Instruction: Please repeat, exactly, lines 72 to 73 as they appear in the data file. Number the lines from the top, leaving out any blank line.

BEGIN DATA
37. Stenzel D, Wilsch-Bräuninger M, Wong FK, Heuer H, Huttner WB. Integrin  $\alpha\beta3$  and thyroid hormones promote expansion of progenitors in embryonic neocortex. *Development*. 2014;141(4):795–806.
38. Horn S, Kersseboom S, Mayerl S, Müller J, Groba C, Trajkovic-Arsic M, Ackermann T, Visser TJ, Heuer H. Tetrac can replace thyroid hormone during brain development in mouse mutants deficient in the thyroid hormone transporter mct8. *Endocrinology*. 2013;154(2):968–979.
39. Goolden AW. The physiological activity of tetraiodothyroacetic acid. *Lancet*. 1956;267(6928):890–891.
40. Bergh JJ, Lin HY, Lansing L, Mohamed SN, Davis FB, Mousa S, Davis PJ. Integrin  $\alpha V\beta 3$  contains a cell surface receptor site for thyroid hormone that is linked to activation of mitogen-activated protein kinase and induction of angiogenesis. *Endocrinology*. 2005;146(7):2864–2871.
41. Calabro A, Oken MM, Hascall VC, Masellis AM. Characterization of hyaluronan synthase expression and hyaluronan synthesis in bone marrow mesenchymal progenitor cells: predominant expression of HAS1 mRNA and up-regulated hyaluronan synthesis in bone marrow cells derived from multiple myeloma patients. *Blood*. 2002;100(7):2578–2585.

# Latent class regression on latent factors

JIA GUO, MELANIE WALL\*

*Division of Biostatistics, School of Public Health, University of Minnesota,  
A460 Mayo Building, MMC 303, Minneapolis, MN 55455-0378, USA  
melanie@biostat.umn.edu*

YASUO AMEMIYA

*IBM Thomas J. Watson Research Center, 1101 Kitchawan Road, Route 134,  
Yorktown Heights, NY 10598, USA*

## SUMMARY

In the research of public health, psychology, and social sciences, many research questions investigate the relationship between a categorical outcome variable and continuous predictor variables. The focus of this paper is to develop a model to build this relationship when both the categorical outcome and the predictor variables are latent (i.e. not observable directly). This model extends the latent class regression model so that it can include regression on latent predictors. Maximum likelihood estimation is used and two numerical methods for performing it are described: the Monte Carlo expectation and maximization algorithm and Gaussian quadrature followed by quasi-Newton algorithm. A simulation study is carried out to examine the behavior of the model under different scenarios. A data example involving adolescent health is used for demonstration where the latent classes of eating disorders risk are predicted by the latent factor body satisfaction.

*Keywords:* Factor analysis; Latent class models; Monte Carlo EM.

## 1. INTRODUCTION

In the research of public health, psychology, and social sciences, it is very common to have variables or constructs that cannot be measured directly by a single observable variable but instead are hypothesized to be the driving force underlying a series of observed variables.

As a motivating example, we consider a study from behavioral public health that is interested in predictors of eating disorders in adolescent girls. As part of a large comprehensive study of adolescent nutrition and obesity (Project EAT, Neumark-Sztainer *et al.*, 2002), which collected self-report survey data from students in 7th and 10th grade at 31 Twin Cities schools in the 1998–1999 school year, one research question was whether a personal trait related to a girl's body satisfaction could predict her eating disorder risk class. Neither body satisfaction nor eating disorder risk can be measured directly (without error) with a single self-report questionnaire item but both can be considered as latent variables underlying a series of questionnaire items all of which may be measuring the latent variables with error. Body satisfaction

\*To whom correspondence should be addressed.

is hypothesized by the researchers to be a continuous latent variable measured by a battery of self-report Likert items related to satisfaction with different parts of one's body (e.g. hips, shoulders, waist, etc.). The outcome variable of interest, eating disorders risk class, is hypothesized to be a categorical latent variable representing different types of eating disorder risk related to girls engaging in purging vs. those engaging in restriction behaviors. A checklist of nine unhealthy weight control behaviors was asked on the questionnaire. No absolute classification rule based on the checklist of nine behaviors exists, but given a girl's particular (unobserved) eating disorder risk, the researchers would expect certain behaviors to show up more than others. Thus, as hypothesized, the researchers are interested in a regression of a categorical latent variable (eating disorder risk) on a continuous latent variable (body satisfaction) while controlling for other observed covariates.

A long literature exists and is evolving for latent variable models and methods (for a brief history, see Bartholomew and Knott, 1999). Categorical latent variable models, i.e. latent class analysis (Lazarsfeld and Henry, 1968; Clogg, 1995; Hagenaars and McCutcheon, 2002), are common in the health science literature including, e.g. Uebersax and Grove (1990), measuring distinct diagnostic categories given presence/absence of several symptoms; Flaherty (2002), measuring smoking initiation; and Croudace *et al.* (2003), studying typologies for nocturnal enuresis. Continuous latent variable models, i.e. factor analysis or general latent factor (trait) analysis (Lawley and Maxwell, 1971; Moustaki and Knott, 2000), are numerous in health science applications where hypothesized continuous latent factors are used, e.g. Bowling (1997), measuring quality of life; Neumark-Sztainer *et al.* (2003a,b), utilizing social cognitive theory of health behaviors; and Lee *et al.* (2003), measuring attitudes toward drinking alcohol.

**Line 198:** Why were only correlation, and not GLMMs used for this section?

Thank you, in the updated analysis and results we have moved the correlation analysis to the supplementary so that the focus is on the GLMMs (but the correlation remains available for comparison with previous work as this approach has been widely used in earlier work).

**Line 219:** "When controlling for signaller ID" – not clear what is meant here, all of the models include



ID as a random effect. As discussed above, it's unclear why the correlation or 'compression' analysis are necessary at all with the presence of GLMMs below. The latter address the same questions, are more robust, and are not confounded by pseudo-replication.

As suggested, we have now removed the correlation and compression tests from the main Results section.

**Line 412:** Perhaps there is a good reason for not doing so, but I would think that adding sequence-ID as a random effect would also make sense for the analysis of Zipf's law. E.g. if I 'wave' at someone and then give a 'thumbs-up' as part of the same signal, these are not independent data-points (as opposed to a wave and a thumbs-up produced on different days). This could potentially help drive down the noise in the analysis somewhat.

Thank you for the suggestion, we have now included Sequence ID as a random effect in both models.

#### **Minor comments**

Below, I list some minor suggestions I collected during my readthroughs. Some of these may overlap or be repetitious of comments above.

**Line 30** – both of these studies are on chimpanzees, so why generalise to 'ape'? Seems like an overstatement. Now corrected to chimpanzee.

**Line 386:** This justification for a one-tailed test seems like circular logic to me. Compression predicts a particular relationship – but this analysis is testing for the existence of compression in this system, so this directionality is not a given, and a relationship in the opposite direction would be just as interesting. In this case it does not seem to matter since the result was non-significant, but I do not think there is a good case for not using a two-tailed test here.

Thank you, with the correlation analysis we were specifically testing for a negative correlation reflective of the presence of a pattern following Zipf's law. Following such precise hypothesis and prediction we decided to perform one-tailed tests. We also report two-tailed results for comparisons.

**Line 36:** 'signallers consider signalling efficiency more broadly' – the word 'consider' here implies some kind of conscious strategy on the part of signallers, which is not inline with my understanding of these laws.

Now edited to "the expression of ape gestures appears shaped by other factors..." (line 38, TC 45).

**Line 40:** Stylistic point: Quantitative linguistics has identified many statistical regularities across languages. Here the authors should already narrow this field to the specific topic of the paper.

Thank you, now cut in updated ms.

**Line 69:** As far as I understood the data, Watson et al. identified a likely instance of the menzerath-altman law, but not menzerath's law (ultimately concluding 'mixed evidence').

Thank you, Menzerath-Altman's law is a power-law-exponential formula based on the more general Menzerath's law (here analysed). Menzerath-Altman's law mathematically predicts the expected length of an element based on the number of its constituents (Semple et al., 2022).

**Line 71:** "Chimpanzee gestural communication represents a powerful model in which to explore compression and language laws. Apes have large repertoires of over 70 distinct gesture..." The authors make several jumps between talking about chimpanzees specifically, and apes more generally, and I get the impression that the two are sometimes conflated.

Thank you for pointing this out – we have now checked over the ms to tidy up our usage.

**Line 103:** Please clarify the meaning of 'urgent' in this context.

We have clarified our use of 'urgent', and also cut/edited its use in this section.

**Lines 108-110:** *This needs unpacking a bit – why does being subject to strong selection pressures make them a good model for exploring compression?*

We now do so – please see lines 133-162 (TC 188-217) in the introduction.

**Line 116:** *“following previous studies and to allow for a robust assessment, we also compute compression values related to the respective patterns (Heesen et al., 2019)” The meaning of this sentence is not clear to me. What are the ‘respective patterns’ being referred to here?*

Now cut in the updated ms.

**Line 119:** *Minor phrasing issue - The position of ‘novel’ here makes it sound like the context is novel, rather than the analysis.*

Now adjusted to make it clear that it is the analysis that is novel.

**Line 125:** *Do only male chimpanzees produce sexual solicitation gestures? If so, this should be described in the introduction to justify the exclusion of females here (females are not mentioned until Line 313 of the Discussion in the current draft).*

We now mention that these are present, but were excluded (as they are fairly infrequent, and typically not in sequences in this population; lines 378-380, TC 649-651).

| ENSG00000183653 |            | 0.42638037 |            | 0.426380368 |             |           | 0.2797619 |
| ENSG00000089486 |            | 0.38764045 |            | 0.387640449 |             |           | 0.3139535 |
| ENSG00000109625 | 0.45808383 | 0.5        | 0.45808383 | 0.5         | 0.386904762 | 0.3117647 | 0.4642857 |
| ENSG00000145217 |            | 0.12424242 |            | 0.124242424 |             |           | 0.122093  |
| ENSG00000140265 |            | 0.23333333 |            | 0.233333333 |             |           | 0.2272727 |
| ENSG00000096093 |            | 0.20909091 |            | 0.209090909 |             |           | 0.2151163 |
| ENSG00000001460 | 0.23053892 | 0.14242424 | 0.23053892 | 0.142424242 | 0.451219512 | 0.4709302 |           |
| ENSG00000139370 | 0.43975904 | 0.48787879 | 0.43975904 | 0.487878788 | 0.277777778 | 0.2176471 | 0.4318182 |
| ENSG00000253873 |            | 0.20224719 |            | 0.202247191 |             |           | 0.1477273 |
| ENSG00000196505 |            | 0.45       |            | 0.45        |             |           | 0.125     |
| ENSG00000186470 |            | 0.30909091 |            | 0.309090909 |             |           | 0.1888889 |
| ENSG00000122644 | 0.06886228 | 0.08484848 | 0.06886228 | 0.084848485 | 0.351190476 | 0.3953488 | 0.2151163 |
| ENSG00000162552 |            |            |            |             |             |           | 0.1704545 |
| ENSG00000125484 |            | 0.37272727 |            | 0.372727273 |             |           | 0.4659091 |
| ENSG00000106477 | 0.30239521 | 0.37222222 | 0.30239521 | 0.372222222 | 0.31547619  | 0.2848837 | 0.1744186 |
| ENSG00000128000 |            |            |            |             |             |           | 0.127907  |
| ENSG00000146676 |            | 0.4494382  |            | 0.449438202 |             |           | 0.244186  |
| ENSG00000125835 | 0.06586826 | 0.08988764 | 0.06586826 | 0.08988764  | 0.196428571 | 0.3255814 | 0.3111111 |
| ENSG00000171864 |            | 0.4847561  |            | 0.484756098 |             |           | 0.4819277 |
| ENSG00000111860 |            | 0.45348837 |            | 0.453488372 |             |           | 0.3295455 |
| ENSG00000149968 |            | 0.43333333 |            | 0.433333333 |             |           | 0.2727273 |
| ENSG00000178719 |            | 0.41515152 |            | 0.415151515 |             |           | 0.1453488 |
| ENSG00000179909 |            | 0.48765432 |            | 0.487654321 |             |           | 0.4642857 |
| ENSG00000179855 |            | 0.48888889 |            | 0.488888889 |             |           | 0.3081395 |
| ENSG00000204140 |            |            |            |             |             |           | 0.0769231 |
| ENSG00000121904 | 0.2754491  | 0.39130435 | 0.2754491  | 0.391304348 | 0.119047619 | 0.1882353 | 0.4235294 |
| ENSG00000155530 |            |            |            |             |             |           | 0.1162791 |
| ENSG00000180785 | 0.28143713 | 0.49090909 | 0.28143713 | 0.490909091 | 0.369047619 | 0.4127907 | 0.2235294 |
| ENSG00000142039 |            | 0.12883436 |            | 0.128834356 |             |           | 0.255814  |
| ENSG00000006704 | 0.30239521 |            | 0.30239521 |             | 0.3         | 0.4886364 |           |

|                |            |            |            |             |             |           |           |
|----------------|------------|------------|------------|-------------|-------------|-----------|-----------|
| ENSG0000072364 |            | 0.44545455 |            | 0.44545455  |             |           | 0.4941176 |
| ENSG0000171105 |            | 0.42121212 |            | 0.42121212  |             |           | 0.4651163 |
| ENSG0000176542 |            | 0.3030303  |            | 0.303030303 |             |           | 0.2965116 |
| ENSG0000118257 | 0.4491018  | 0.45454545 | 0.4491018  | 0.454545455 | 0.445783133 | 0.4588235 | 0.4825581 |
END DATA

| ENSG00000111860 |            | 0.45348837 |            | 0.453488372 |             |           | 0.3295455 |
| ENSG00000149968 |            | 0.43333333 |            | 0.433333333 |             |           | 0.2727273 |